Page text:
Estero Bay Preserve State Park
An aerial view of part of Estero Bay Preserve State Park
Estero Bay Preserve is one of the first aquatic preserves established in Florida. Located on one of the most productive estuaries in the state, Estero Bay Preserve State Park protects the islands, inlets and waters along 10 miles of Estero Bay. The Preserve contains more than 10,000 acres throughout southwestern Lee County.
Boat launch facilities are nearby at Lovers Key/Carl E. Johnson State Park or at the Koreshan State Historic Site, because one way to tour Estero Bay or Estero River is by boat, preferably canoe or kayak. You can also take advantage of the miles of trails to hike or bike your way through the wildlife (fiddler crabs, gopher tortoises, bald eagles) and native vegetation (live oaks, slash pines) being protected here. The Winkler Point Trail runs for 4 miles out of Fort Myers, traveling through a countryside of tidal marshes, mangrove thickets, salt flats and pine flatwoods. The Estero River Scrub Trail offers eight miles of marked trail through salt flats, mangroves and pine flatwood habitats. Both trails, though, are often flooded during the summer and fall months.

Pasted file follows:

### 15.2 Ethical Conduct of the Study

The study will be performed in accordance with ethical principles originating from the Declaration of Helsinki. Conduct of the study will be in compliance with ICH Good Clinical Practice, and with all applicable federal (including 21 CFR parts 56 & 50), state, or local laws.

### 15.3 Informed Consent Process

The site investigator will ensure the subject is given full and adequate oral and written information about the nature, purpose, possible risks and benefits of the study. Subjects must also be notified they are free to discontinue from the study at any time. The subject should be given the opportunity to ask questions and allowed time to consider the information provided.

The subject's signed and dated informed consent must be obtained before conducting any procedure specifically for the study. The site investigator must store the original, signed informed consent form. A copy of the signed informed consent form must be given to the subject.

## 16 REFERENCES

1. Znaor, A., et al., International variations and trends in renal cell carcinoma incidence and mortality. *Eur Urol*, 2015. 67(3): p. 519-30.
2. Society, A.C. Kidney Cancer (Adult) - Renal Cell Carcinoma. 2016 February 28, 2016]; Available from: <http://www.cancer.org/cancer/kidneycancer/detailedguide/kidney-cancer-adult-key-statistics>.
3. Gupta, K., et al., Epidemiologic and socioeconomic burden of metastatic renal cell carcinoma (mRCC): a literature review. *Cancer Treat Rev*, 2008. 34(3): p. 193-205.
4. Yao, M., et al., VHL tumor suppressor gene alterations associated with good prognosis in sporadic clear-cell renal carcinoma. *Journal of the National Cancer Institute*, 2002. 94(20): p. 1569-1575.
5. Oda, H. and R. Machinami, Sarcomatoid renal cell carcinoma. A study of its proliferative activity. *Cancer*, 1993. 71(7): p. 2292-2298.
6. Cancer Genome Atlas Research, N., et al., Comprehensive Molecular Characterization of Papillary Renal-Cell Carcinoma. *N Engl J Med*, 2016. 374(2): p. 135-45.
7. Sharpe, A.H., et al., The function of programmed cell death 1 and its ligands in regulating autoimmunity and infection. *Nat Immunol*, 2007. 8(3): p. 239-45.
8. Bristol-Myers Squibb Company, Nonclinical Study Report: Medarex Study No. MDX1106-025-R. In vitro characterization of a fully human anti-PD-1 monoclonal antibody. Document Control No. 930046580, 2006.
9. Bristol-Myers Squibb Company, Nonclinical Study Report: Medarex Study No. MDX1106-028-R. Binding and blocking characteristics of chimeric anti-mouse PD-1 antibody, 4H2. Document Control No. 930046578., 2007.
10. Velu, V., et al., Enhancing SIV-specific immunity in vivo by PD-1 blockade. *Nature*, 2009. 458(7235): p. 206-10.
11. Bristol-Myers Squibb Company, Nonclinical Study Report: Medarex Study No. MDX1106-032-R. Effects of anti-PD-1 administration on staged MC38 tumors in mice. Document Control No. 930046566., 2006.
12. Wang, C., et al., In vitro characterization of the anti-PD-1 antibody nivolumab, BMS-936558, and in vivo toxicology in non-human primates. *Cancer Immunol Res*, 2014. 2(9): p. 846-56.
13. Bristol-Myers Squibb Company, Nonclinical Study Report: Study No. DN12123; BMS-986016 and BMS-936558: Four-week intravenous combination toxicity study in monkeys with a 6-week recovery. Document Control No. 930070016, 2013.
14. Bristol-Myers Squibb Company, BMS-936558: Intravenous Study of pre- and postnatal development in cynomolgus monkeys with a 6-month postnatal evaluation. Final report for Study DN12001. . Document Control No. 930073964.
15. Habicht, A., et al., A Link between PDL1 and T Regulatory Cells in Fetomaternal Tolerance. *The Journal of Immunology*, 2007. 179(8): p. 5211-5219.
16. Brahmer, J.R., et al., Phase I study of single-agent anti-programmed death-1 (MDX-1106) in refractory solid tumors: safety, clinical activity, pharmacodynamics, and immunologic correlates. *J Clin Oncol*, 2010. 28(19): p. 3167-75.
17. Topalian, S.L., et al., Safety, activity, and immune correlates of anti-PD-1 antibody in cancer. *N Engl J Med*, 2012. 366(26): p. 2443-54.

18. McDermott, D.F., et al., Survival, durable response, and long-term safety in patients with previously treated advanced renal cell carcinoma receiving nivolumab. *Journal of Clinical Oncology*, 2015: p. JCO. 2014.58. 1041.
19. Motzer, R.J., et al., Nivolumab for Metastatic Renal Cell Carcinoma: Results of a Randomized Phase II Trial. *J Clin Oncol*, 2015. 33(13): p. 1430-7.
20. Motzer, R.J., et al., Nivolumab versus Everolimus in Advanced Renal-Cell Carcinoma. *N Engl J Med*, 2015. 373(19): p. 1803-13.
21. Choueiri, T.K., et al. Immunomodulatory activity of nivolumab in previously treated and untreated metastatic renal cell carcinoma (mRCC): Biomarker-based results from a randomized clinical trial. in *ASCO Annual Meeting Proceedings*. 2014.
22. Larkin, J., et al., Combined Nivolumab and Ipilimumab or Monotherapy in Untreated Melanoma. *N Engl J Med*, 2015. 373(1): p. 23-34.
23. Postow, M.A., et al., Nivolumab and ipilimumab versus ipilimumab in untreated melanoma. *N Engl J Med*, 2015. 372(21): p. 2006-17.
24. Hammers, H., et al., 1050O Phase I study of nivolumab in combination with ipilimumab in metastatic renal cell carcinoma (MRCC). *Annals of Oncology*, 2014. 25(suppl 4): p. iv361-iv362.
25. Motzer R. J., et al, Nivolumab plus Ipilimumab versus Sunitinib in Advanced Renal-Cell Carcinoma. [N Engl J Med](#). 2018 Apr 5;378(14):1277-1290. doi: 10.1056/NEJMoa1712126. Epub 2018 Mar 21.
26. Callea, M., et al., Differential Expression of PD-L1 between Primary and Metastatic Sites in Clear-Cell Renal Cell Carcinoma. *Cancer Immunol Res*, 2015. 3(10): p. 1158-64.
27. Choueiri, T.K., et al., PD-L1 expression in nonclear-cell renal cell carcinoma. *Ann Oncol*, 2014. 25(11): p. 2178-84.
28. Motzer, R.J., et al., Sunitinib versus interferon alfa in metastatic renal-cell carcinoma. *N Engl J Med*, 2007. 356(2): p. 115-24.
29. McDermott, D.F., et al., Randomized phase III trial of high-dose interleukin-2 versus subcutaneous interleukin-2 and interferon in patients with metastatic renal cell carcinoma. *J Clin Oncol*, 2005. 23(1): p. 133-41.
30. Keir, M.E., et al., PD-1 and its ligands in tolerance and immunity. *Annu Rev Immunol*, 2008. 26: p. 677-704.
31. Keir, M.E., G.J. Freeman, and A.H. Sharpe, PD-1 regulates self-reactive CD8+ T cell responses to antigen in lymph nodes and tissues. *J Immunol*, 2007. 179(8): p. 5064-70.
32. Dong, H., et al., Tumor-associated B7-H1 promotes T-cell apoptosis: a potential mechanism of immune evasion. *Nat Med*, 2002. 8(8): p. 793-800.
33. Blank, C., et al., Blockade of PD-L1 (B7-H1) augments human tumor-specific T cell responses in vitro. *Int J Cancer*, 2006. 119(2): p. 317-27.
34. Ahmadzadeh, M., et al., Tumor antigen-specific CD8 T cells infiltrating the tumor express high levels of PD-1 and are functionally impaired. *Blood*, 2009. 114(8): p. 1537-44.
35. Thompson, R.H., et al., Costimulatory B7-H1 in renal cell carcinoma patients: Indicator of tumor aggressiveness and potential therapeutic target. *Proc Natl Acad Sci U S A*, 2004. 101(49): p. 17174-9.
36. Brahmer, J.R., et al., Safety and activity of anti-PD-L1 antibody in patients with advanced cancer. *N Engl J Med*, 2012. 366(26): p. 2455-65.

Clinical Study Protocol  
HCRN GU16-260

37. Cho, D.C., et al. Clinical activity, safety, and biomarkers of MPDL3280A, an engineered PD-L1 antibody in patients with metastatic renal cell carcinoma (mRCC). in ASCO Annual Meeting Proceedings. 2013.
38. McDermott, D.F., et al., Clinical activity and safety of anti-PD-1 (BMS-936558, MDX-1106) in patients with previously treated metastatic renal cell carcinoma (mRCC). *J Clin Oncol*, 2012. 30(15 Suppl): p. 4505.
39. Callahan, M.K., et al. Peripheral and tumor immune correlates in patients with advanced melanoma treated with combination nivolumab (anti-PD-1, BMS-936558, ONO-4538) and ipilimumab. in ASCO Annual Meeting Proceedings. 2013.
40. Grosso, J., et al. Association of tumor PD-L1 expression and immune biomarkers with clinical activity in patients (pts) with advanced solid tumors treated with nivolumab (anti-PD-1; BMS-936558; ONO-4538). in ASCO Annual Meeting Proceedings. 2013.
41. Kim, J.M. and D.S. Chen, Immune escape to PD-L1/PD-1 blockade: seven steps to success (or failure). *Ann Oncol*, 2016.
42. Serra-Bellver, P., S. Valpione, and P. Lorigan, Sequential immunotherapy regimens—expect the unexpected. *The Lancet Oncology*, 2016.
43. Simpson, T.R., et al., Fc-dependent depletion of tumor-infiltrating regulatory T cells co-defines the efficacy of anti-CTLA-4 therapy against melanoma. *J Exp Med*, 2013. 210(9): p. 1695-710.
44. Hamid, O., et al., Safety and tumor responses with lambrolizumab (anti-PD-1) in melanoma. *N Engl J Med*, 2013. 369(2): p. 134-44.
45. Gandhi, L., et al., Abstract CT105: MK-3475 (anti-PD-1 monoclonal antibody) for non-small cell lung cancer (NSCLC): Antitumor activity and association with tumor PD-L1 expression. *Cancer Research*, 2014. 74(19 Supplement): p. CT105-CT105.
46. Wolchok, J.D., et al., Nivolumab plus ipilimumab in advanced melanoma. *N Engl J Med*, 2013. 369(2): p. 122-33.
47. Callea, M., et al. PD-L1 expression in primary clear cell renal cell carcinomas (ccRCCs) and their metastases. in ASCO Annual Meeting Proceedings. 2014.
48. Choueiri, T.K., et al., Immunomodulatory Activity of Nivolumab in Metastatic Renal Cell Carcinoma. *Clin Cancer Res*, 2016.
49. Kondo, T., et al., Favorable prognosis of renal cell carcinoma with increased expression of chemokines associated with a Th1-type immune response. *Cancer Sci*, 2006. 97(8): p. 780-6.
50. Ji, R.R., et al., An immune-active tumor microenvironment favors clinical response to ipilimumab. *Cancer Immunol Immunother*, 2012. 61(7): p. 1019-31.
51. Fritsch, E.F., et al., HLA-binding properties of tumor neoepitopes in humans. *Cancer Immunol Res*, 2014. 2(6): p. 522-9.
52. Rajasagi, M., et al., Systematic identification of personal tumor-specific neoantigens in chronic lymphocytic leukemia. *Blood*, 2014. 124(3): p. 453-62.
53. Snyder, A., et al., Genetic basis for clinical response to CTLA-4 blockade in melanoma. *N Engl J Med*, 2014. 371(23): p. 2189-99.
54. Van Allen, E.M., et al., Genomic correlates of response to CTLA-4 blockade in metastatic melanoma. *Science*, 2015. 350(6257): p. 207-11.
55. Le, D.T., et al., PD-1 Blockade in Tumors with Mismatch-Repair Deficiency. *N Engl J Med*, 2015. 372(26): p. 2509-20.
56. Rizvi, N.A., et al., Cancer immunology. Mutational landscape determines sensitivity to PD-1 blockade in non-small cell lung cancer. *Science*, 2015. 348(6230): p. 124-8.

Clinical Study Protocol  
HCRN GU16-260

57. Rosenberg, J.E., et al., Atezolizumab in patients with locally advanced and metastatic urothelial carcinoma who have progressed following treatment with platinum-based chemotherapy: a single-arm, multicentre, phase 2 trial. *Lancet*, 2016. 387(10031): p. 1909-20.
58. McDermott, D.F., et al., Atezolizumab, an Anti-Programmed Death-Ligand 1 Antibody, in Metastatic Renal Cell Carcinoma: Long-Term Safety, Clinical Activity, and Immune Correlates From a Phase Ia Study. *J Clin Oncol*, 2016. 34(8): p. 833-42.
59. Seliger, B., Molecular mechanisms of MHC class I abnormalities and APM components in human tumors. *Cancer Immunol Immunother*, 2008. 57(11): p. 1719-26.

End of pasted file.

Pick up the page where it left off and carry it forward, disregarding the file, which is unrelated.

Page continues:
Estero Bay Preserve State Park is located between Naples and Fort Myers near the town of Estero. Get off Interstate 75 on the Corkscrew Road exit and go west. Turn north on US Highway 41 and go to Broadway West. Turn left there and go to the Florida Power & Light substation. The public access point is on the north side of the road next to the substation.
Estero Bay Preserve State Park is open to the public from 8 am to sunset, every day of the year. Admission is free, probably because there are no amenities other than the marked trails.
Hiking at Estero Bay Preserve State Park
An aerial view of Estero Bay Preserve State Park
Photo of bald eagles in nest courtesy of Stephen Giguere, Florida State Parks